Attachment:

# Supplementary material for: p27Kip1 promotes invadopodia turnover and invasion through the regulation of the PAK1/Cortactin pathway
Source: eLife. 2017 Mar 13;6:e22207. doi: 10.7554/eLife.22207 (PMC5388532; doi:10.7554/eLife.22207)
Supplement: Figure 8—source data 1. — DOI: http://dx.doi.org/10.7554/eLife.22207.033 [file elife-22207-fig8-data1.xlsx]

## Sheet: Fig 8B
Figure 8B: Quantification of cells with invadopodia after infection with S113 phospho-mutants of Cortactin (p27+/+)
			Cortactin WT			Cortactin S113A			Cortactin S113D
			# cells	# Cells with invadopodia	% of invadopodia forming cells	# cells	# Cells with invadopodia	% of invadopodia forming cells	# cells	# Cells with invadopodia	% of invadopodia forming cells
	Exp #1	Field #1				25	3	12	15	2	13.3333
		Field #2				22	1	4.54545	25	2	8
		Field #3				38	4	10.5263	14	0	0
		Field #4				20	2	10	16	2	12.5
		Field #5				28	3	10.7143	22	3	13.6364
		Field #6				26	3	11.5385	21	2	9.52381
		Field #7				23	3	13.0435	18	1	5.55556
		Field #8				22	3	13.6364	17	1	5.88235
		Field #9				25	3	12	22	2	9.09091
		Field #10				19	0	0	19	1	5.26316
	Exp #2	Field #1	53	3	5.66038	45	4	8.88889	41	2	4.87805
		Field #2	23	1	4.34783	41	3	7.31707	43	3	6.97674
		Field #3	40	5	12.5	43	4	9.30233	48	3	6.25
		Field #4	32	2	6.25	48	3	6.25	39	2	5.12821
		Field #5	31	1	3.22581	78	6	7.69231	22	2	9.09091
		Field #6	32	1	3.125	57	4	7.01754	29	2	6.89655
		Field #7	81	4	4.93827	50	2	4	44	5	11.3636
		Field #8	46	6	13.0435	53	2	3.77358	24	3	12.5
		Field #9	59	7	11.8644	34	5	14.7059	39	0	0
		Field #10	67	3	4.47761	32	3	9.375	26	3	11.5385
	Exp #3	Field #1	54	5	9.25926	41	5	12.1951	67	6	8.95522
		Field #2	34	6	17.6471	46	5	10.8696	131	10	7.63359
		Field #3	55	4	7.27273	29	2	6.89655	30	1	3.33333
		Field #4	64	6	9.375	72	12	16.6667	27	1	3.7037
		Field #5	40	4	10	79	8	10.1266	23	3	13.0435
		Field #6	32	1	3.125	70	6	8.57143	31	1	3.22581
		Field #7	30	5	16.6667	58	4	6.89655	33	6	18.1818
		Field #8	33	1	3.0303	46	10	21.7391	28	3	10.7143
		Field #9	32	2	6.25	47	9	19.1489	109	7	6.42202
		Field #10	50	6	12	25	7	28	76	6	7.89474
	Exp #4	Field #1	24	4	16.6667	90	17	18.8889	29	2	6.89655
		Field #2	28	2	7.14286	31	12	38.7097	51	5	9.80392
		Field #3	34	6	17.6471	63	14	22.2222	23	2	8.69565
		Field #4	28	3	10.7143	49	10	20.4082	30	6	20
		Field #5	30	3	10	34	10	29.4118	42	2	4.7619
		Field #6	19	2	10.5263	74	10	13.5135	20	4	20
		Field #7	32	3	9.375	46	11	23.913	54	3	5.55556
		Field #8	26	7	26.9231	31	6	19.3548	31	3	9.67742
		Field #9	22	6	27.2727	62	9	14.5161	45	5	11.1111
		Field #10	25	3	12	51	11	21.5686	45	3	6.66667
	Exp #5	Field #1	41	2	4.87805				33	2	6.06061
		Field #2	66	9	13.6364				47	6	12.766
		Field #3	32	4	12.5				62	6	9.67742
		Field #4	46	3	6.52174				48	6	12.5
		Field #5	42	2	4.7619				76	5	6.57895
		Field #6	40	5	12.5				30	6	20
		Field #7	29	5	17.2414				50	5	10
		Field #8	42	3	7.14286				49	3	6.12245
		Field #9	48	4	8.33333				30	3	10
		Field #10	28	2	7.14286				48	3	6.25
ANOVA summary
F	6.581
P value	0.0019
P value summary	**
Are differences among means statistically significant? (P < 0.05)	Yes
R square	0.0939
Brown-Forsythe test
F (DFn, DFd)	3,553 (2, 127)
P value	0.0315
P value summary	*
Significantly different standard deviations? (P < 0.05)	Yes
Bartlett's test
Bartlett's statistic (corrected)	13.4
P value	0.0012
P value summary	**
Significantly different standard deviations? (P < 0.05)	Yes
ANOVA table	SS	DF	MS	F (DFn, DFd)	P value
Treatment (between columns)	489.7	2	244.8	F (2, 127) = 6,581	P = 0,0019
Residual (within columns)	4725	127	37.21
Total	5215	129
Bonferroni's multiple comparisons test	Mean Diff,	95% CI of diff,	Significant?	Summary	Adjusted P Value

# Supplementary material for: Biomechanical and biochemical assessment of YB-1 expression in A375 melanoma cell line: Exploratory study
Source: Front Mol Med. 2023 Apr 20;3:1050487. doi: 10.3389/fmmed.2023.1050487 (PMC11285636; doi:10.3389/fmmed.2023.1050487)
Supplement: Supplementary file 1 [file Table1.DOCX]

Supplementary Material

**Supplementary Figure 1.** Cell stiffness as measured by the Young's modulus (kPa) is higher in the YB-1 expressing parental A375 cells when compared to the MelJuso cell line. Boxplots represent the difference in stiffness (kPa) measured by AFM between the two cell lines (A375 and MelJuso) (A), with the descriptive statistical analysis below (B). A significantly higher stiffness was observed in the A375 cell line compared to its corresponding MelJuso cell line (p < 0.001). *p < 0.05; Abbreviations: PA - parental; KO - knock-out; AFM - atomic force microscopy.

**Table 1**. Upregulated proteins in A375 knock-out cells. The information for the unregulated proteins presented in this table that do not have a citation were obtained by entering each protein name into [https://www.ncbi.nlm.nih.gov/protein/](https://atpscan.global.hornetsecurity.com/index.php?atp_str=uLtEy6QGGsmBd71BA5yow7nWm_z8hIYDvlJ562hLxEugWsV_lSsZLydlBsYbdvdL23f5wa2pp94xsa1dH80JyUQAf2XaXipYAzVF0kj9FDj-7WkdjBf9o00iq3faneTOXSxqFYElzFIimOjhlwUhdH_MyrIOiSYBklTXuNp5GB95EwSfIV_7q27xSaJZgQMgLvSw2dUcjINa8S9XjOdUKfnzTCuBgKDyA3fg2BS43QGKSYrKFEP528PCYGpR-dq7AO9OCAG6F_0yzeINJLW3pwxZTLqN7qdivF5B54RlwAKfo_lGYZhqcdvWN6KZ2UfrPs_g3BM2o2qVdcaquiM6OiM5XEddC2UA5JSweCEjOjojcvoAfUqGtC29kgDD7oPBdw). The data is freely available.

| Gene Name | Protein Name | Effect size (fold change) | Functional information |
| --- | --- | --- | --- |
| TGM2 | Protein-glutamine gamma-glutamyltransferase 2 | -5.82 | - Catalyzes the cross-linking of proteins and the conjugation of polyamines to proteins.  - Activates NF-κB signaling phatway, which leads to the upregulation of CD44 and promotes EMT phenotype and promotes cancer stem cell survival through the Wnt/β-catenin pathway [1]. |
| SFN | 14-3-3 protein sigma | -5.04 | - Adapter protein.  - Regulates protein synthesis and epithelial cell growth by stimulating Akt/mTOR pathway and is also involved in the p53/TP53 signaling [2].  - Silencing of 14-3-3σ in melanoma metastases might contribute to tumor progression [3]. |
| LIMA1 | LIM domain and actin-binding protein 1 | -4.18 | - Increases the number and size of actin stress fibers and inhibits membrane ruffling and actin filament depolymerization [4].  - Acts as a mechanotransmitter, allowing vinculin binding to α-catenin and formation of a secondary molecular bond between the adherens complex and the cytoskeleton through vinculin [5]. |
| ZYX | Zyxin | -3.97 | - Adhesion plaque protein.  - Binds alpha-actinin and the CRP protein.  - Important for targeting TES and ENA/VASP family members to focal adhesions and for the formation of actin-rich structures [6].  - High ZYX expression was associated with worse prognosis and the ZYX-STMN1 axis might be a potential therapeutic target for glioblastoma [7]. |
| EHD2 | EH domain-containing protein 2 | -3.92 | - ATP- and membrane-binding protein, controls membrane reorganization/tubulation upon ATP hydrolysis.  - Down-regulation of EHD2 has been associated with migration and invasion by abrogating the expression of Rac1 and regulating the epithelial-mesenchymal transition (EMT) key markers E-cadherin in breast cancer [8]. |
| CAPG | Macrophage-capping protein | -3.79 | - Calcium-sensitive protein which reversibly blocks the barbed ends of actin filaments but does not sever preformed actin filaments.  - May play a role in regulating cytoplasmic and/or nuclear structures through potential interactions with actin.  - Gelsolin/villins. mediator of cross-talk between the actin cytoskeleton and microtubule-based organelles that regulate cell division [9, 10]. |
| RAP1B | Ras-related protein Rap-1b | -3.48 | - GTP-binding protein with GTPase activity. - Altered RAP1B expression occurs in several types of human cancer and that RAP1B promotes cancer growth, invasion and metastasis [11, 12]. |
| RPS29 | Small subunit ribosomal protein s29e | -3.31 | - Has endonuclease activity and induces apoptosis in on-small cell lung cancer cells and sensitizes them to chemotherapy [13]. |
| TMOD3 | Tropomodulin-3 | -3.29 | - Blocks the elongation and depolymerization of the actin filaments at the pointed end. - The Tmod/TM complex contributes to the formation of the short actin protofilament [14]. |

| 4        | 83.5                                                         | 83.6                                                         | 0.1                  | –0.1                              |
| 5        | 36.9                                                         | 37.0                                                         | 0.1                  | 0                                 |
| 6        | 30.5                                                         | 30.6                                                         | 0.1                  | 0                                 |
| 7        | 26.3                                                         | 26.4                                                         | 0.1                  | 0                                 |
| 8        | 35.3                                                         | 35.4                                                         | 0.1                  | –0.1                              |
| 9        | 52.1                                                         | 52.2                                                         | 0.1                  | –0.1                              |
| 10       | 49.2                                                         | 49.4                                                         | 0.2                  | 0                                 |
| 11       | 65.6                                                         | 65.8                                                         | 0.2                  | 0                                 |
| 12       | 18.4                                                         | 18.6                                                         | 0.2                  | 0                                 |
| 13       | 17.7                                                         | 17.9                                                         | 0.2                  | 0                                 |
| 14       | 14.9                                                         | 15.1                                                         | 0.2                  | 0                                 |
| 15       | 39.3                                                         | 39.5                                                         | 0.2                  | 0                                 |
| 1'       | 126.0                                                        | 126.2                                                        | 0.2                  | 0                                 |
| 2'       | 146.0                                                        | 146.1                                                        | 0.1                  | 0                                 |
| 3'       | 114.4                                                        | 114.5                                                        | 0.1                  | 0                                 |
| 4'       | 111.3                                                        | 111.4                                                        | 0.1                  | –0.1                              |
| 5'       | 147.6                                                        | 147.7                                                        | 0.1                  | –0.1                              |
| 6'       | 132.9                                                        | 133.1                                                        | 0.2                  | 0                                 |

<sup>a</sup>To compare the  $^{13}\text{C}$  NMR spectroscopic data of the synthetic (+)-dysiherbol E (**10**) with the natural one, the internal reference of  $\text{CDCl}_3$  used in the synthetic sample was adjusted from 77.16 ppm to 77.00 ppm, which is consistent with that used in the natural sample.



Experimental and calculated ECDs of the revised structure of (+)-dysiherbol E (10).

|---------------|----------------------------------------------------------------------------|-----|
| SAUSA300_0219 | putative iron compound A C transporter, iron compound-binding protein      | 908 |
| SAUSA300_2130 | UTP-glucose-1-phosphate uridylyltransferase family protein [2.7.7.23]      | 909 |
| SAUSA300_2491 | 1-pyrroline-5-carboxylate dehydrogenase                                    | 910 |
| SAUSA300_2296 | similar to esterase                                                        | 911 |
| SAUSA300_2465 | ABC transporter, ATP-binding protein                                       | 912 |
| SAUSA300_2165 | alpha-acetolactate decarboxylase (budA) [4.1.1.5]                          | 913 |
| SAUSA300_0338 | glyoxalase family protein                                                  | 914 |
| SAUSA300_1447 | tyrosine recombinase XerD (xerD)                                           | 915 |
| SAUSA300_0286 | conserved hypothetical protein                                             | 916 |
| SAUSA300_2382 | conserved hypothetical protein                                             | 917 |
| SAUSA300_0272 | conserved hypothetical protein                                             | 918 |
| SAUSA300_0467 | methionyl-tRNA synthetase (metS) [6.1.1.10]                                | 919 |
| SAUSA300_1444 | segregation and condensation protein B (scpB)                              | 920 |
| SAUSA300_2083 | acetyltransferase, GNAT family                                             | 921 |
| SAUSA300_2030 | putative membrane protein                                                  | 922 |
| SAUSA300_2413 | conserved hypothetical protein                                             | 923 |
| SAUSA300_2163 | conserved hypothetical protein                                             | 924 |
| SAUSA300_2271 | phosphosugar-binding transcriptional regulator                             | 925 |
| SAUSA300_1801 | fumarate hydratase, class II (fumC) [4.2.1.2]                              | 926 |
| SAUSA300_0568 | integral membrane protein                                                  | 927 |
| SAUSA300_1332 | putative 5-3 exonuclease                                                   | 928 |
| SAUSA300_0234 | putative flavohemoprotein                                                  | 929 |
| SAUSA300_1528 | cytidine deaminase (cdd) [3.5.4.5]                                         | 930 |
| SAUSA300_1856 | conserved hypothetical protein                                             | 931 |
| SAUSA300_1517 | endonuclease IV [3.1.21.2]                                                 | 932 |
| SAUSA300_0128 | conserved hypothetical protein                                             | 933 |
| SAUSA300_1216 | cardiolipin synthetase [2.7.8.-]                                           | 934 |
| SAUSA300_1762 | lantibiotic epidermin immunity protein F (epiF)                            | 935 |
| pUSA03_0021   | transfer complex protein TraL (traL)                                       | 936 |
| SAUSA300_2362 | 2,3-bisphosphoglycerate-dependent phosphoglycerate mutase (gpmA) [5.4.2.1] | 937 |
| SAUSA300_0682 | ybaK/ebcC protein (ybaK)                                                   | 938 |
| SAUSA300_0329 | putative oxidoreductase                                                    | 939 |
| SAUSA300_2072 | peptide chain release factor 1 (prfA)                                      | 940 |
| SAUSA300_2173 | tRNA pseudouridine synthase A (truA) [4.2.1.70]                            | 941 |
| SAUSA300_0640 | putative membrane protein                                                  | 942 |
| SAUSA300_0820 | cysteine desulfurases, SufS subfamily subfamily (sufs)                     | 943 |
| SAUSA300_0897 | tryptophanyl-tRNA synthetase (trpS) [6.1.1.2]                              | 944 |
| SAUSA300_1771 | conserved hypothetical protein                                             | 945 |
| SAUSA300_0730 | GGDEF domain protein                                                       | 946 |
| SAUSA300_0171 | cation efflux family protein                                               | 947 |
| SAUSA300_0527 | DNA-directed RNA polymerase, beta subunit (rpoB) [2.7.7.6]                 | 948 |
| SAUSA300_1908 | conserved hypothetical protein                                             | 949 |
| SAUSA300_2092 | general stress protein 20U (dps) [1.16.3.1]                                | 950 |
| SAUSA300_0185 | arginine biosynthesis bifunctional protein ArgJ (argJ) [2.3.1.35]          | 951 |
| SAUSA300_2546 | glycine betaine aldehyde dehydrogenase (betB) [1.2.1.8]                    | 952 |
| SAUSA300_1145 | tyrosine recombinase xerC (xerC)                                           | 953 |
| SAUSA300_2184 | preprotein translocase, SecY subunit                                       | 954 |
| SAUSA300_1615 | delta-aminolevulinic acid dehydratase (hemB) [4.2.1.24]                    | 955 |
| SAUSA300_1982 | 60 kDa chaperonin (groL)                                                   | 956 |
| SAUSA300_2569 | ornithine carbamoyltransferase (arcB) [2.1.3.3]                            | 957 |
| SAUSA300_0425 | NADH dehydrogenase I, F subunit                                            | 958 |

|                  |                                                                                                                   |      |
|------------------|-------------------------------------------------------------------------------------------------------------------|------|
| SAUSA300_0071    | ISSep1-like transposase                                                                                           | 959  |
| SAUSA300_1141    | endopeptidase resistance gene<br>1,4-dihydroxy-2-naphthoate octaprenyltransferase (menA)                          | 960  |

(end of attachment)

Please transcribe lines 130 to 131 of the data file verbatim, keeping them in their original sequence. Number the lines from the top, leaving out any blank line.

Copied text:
| SAUSA300_2083 | acetyltransferase, GNAT family                                             | 921 |
| SAUSA300_2030 | putative membrane protein                                                  | 922 |